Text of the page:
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Re: Project Things by Mozilla and the Web Thing API

From: Dave Raggett <dsr@w3.org>
Date: Sat, 15 Jul 2017 12:06:33 +0100
Message-Id: <A144A3E1-36F8-4A12-9BE4-C2DAF41CCA3F@w3.org>
Cc: "Kis, Zoltan" <zoltan.kis@intel.com>, public-wot-ig <public-wot-ig@w3.org>, "public-wot-wg@w3.org" <public-wot-wg@w3.org>
To: Benjamin Francis <bfrancis@mozilla.com>
> On 14 Jul 2017, at 18:41, Benjamin Francis <bfrancis@mozilla.com> wrote:
> On 14 July 2017 at 17:12, Dave Raggett <dsr@w3.org <mailto:dsr@w3.org>> wrote: 
> There is current interest in work on both simple JSON and JSON-LD for serialising thing descriptions.
> Is it not possible to have a core plain JSON vocabulary which can be extended with semantic markup in JSON-LD? Rather than two separate encodings.

JSON-LD isn’t essential for mapping JSON to Linked Data. A simple algorithm borrows the context mechanism from JSON-LD, and maps the names in the JSON name/value pairs either to predicates or to labels for blank nodes according to whether the depth of nested JSON objects is odd or even. The default context provides the mapping of common names to Linked Data URIs. An explicit @context should be used for uncommon names.  The default context could be referenced as part of a media type definition for thing descriptions.

I’ve implemented this algorithm in JavaScript and described it in detail at:

    https://github.com/w3c/wot/blob/master/proposals/dsr-td/json-to-ld-dsr.md <https://github.com/w3c/wot/blob/master/proposals/dsr-td/json-to-ld-dsr.md>

> For example, a simple JSON thing vocabulary could be used with an implied default context and a canonical list of simple built-in types:
> {
>   "name": "My On/Off Switch",
>   "type": "onOffSwitch",
>   "properties": {
>     "on": "boolean",
>     "href": "/properties/on"
>   }
> }
> Then anyone can specify their own Web Thing Type schemas and others can reference them using a JSON-LD @context and @type:
> {
>   "@context": "http://iot.schema.org <http://iot.schema.org/>",
>   "@type": "Toaster",
>   "name": "My Toaster",
>   "properties": {
>     "on": {
>       "type": "boolean",
>       "href": "/properties/on"
>     },
>     "timeRemaining": {
>       "type": "number",
>       "unit": "seconds",
>       "href": "/properties/timeRemaining"
>     }
>   }
> }
> This way, anyone can write a simple Thing Description using plain JSON and the core vocabulary without having to know any JSON-LD, but the full power of JSON-LD is available to extend that basic vocabulary with complex examples using multiple layers of linked data.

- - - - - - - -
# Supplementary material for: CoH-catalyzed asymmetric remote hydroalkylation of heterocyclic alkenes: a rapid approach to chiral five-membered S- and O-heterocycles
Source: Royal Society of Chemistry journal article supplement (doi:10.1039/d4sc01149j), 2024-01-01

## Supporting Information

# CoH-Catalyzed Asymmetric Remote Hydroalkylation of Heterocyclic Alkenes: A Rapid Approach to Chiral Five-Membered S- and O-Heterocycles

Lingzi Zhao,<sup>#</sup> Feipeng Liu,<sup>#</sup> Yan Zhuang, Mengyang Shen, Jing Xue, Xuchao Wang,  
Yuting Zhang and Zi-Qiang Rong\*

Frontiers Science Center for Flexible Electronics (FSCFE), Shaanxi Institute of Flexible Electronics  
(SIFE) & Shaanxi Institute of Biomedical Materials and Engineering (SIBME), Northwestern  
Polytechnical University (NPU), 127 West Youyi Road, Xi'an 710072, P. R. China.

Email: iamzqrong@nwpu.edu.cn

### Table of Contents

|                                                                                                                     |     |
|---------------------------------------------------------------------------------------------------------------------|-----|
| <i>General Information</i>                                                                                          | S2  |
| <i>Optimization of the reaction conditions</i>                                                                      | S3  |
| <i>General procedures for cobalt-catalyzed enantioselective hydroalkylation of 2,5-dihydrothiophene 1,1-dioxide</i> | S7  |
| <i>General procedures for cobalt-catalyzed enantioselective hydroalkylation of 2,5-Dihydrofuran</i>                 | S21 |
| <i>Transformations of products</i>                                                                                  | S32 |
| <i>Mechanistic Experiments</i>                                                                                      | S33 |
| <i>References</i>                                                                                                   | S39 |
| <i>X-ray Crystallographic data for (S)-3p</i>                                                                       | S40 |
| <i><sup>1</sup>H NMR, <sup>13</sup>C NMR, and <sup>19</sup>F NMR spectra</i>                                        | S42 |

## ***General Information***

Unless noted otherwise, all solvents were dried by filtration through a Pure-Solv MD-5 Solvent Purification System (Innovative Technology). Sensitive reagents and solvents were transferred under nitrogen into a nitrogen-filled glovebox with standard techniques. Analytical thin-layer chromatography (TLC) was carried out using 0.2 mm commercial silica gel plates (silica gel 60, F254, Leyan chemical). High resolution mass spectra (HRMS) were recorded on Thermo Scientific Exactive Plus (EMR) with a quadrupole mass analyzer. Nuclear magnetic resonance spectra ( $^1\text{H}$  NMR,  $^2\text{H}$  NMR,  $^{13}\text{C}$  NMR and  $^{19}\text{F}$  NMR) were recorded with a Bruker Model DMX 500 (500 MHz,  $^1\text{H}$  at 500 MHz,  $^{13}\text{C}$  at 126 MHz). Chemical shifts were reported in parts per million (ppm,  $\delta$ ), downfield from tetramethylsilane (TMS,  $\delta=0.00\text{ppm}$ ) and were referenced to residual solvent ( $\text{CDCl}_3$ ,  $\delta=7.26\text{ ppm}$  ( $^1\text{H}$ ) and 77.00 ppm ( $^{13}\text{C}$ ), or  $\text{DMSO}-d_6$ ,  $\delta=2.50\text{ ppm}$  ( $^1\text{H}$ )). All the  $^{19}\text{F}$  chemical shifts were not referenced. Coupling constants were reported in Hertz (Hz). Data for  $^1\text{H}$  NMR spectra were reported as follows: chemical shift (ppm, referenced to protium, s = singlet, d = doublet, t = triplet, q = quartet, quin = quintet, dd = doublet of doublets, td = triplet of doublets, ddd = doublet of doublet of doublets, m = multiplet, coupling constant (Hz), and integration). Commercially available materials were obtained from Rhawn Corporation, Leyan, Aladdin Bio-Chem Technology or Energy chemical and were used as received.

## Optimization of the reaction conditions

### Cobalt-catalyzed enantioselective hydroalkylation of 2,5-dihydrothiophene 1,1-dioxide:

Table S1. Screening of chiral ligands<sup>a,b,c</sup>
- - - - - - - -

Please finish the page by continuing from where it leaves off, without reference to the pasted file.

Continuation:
Rather than formally mixing JSON and JSON-LD, it would be better to use a regular algorithm that maps the example in its entirety to Linked Data. 

The idea of Web Thing Type schemas is something we’re discussing. Darko has some work on recipes and ingredients, where an ingredient describes a given capability that you can combine with others as a recipe. The question we need to answer is what is the minimum requirements for enabling that.  My guess is that the @type (rdf:type) link to a semantic model is sufficient, as this allows for validation that the thing’s properties etc. are consistent with the recipe.  It may however be desirable to support some kind of @import statement for referencing external definitions when standardising a suite of devices using shared definitions for properties etc.  OCF and oneM2M both use this kind of modularity in their definitions of interfaces that make up particular classes of devices.

> I am also working with Darko on linking interaction models to semantic models as a basis for discovery, composition of services and adaptations to variations across devices from different vendors. As an example, consider the scenario where you plug smart lights into sockets around your home, and make use of a smart service to discover them and dynamically configure how they can be controlled from physical switches in the home and from your smart phone etc. This involves a means for services to discover the devices based upon the kinds of capabilities they expose, along with a means to model the context (the rooms in the home, and the devices in each room). We’re looking for the atomic building blocks to enable such smart services.
> I get it, but I think you're going to quickly lose most web developers when you start talking about semantic models and magic services which understand them. This is why I recommend starting with very simple JSON markup and using the semantic layer as a extension on top of that.

That is just what we’re proposing, so we are in strong agreement!  :-)